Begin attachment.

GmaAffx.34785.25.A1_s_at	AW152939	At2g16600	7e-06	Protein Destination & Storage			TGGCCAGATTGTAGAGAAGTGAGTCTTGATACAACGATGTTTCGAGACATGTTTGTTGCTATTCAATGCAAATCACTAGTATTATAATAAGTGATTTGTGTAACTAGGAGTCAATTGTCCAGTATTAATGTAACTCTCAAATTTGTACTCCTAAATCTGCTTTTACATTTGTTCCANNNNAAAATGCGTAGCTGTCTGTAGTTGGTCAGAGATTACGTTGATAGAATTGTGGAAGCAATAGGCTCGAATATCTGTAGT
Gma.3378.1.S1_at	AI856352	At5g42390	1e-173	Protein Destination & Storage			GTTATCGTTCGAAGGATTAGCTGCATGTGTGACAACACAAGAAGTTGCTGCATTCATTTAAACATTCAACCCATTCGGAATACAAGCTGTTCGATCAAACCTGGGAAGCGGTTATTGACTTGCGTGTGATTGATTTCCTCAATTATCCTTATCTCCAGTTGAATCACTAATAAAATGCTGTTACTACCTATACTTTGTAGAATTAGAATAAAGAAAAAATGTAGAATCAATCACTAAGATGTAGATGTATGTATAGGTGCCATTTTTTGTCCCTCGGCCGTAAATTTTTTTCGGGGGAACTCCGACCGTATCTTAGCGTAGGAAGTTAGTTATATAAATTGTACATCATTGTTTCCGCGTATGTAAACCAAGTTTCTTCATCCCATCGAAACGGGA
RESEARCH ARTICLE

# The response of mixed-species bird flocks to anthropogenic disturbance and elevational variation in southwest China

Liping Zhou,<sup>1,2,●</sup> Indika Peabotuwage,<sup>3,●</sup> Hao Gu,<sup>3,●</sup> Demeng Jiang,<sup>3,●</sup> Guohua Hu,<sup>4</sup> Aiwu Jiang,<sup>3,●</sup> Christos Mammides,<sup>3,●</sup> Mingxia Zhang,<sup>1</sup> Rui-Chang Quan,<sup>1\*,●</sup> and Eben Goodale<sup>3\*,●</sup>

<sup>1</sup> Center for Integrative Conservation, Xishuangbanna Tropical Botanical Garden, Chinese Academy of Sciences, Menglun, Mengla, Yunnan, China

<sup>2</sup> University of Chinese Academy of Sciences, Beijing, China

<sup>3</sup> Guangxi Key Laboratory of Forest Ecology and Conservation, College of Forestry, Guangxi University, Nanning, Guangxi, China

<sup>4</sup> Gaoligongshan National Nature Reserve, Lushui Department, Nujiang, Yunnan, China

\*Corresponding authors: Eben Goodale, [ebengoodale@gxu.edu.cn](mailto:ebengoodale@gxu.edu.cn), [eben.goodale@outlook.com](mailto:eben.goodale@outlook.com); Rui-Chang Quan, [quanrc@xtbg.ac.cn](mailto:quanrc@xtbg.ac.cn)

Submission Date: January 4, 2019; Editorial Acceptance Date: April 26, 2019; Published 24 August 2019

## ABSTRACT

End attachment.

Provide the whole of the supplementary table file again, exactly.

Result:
GmaAffx.34785.25.A1_s_at	AW152939	At2g16600	7e-06	Protein Destination & Storage			TGGCCAGATTGTAGAGAAGTGAGTCTTGATACAACGATGTTTCGAGACATGTTTGTTGCTATTCAATGCAAATCACTAGTATTATAATAAGTGATTTGTGTAACTAGGAGTCAATTGTCCAGTATTAATGTAACTCTCAAATTTGTACTCCTAAATCTGCTTTTACATTTGTTCCANNNNAAAATGCGTAGCTGTCTGTAGTTGGTCAGAGATTACGTTGATAGAATTGTGGAAGCAATAGGCTCGAATATCTGTAGT
Gma.3378.1.S1_at	AI856352	At5g42390	1e-173	Protein Destination & Storage			GTTATCGTTCGAAGGATTAGCTGCATGTGTGACAACACAAGAAGTTGCTGCATTCATTTAAACATTCAACCCATTCGGAATACAAGCTGTTCGATCAAACCTGGGAAGCGGTTATTGACTTGCGTGTGATTGATTTCCTCAATTATCCTTATCTCCAGTTGAATCACTAATAAAATGCTGTTACTACCTATACTTTGTAGAATTAGAATAAAGAAAAAATGTAGAATCAATCACTAAGATGTAGATGTATGTATAGGTGCCATTTTTTGTCCCTCGGCCGTAAATTTTTTTCGGGGGAACTCCGACCGTATCTTAGCGTAGGAAGTTAGTTATATAAATTGTACATCATTGTTTCCGCGTATGTAAACCAAGTTTCTTCATCCCATCGAAACGGGA
RESEARCH ARTICLE

# The response of mixed-species bird flocks to anthropogenic disturbance and elevational variation in southwest China

Liping Zhou,<sup>1,2,●</sup> Indika Peabotuwage,<sup>3,●</sup> Hao Gu,<sup>3,●</sup> Demeng Jiang,<sup>3,●</sup> Guohua Hu,<sup>4</sup> Aiwu Jiang,<sup>3,●</sup> Christos Mammides,<sup>3,●</sup> Mingxia Zhang,<sup>1</sup> Rui-Chang Quan,<sup>1\*,●</sup> and Eben Goodale<sup>3\*,●</sup>

<sup>1</sup> Center for Integrative Conservation, Xishuangbanna Tropical Botanical Garden, Chinese Academy of Sciences, Menglun, Mengla, Yunnan, China

<sup>2</sup> University of Chinese Academy of Sciences, Beijing, China

<sup>3</sup> Guangxi Key Laboratory of Forest Ecology and Conservation, College of Forestry, Guangxi University, Nanning, Guangxi, China

<sup>4</sup> Gaoligongshan National Nature Reserve, Lushui Department, Nujiang, Yunnan, China

\*Corresponding authors: Eben Goodale, [ebengoodale@gxu.edu.cn](mailto:ebengoodale@gxu.edu.cn), [eben.goodale@outlook.com](mailto:eben.goodale@outlook.com); Rui-Chang Quan, [quanrc@xtbg.ac.cn](mailto:quanrc@xtbg.ac.cn)

Submission Date: January 4, 2019; Editorial Acceptance Date: April 26, 2019; Published 24 August 2019

## ABSTRACT